© Jim Young / ReutersPeople cheer and wave U.S. flags outside the White House after President Obama delivered remarks to the nation on the death of Al Qaeda leader Osama bin Laden.
At O'Connell's bar in Long Beach, two patrons walked in, announced "Osama bin Laden is dead!" and told the bartender to change the channel on the television. At first, no one believed them.

But slowly, all eyes looked up from their pints of beer and started to fixate on television screens showing clips of President Obama's remarks and the crowd gatherin

"It's crazy that we're celebrating a death, but this is a good thing for our country," said Kristen Lawson, 30, of Long Beach.

She wondered what the news means for the war in Afghanistan: "This is exactly what we're there for," she said.

Antoinette Collins, 26, of Whittier learned the news from a text message sent by a friend in the military. ("Osama is dead," the terse message said).

Collins comes from a military family and thinks Bin Laden's death is a positive development for the war and a victory for Obama, but she worries about retaliation from terrorists.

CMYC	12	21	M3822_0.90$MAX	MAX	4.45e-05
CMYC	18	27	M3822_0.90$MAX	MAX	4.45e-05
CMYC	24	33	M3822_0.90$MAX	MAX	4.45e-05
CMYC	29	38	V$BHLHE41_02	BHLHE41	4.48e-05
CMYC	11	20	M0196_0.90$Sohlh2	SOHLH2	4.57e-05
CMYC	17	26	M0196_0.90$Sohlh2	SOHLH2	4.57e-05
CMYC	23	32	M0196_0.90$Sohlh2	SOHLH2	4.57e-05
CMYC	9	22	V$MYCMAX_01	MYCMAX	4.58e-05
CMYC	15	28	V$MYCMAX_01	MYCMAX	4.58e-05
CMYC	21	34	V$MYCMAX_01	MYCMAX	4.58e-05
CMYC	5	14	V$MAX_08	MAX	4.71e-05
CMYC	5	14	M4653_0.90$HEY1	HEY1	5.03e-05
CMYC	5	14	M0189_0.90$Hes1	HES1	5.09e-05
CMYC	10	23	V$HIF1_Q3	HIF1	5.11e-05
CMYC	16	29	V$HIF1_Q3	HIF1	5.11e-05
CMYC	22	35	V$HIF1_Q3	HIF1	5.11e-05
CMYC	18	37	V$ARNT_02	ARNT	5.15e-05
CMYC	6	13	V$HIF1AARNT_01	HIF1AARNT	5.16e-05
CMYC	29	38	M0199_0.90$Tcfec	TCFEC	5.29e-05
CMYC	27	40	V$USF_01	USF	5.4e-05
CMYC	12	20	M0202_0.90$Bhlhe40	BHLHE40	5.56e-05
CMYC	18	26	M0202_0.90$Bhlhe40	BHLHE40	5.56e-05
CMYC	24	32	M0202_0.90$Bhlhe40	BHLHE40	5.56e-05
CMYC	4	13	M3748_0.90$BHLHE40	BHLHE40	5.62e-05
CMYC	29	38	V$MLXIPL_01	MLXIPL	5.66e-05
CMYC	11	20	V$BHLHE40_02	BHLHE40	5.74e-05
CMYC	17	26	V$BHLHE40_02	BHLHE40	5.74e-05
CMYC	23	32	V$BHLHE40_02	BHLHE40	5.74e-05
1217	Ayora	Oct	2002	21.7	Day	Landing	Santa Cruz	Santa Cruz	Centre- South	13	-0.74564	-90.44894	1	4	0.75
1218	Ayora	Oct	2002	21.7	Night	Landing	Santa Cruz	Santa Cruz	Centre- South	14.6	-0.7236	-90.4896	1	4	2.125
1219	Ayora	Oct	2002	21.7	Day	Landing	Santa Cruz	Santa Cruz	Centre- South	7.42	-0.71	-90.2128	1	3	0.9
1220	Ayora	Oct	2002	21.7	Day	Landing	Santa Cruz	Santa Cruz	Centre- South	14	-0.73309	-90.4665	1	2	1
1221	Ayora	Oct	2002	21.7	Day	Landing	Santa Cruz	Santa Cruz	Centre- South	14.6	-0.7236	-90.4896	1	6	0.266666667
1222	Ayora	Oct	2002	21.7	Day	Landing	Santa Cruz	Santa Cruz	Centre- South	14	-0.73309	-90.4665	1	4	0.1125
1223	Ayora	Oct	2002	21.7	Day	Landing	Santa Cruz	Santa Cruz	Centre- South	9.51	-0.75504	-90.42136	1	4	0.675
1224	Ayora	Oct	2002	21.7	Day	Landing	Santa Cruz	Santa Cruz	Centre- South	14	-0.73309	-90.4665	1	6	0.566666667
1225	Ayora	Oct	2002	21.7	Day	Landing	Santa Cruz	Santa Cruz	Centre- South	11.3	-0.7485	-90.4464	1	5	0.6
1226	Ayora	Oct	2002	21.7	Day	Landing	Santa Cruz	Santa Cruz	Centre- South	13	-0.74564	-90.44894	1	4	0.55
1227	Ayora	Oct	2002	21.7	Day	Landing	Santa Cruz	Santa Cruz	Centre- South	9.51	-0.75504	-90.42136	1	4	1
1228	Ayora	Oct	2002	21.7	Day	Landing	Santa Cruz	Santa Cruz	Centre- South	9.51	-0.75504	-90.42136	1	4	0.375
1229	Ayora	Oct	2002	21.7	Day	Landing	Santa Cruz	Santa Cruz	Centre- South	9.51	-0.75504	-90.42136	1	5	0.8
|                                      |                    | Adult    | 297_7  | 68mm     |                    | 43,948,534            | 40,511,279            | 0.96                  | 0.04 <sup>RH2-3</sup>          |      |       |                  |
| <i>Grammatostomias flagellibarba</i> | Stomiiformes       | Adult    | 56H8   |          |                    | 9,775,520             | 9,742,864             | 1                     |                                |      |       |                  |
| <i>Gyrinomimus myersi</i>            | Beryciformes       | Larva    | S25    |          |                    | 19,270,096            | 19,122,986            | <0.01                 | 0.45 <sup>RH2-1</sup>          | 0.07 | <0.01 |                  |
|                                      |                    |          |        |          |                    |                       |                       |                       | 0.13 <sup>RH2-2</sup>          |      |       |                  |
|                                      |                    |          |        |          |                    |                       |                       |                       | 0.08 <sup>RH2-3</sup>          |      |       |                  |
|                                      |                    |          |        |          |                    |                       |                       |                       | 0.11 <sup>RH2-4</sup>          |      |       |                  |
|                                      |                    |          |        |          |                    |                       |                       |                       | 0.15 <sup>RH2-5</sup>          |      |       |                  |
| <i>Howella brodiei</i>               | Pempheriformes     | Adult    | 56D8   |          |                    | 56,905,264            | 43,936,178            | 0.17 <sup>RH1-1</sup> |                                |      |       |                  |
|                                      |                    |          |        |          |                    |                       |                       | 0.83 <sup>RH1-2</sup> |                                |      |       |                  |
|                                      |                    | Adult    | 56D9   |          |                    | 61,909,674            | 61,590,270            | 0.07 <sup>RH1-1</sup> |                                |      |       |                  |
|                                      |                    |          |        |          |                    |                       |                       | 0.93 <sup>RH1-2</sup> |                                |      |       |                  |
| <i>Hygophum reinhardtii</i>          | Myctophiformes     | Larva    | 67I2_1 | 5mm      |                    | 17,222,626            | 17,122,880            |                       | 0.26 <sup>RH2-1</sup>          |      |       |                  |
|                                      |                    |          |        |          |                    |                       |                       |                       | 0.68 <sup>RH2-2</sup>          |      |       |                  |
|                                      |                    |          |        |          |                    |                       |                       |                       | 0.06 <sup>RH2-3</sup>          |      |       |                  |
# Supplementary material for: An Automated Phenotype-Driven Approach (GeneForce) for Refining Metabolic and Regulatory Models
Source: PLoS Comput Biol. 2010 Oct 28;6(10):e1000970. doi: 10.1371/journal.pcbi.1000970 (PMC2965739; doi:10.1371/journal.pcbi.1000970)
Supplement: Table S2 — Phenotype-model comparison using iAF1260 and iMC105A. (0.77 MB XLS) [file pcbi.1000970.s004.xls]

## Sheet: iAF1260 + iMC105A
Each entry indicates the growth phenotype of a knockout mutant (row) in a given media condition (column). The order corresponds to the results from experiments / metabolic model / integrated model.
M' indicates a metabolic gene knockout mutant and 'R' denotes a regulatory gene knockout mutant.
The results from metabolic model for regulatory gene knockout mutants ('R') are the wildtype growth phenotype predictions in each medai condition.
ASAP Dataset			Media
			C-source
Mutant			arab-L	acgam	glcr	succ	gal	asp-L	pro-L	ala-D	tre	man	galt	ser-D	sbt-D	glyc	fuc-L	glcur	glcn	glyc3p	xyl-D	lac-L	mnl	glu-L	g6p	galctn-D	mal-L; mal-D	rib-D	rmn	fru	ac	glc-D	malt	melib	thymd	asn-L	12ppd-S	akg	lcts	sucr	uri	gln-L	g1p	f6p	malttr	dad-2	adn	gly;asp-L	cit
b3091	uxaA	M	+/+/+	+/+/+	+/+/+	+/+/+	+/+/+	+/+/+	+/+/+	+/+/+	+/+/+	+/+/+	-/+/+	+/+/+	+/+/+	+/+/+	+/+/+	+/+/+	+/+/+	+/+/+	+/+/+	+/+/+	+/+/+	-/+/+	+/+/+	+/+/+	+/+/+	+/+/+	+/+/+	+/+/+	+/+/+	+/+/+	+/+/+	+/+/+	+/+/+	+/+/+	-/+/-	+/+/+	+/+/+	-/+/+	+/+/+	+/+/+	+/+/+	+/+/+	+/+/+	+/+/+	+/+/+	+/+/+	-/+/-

"I mean, we killed their leader," she said.

Collins said she also wants proof that that they got the right guy beyond the confirmation by news outlets or even the speech by President Obama.

"When are they going to show us the body?" she said.

Jaime Cox, 33, a pastry chef from Bellflower, said she went through a huge range of emotions when she realized what had happened.

"I've got goosebumps, I felt like crying," said Cox, adding that she remembers the 9/11 attacks as her generation's "JFK moment."

But for Cox, Bin Laden is only one man, and she wants to know how the killing bodes for the war.

"People were shocked because it's been 10 years already," she said. "But what happens next? What does this mean?"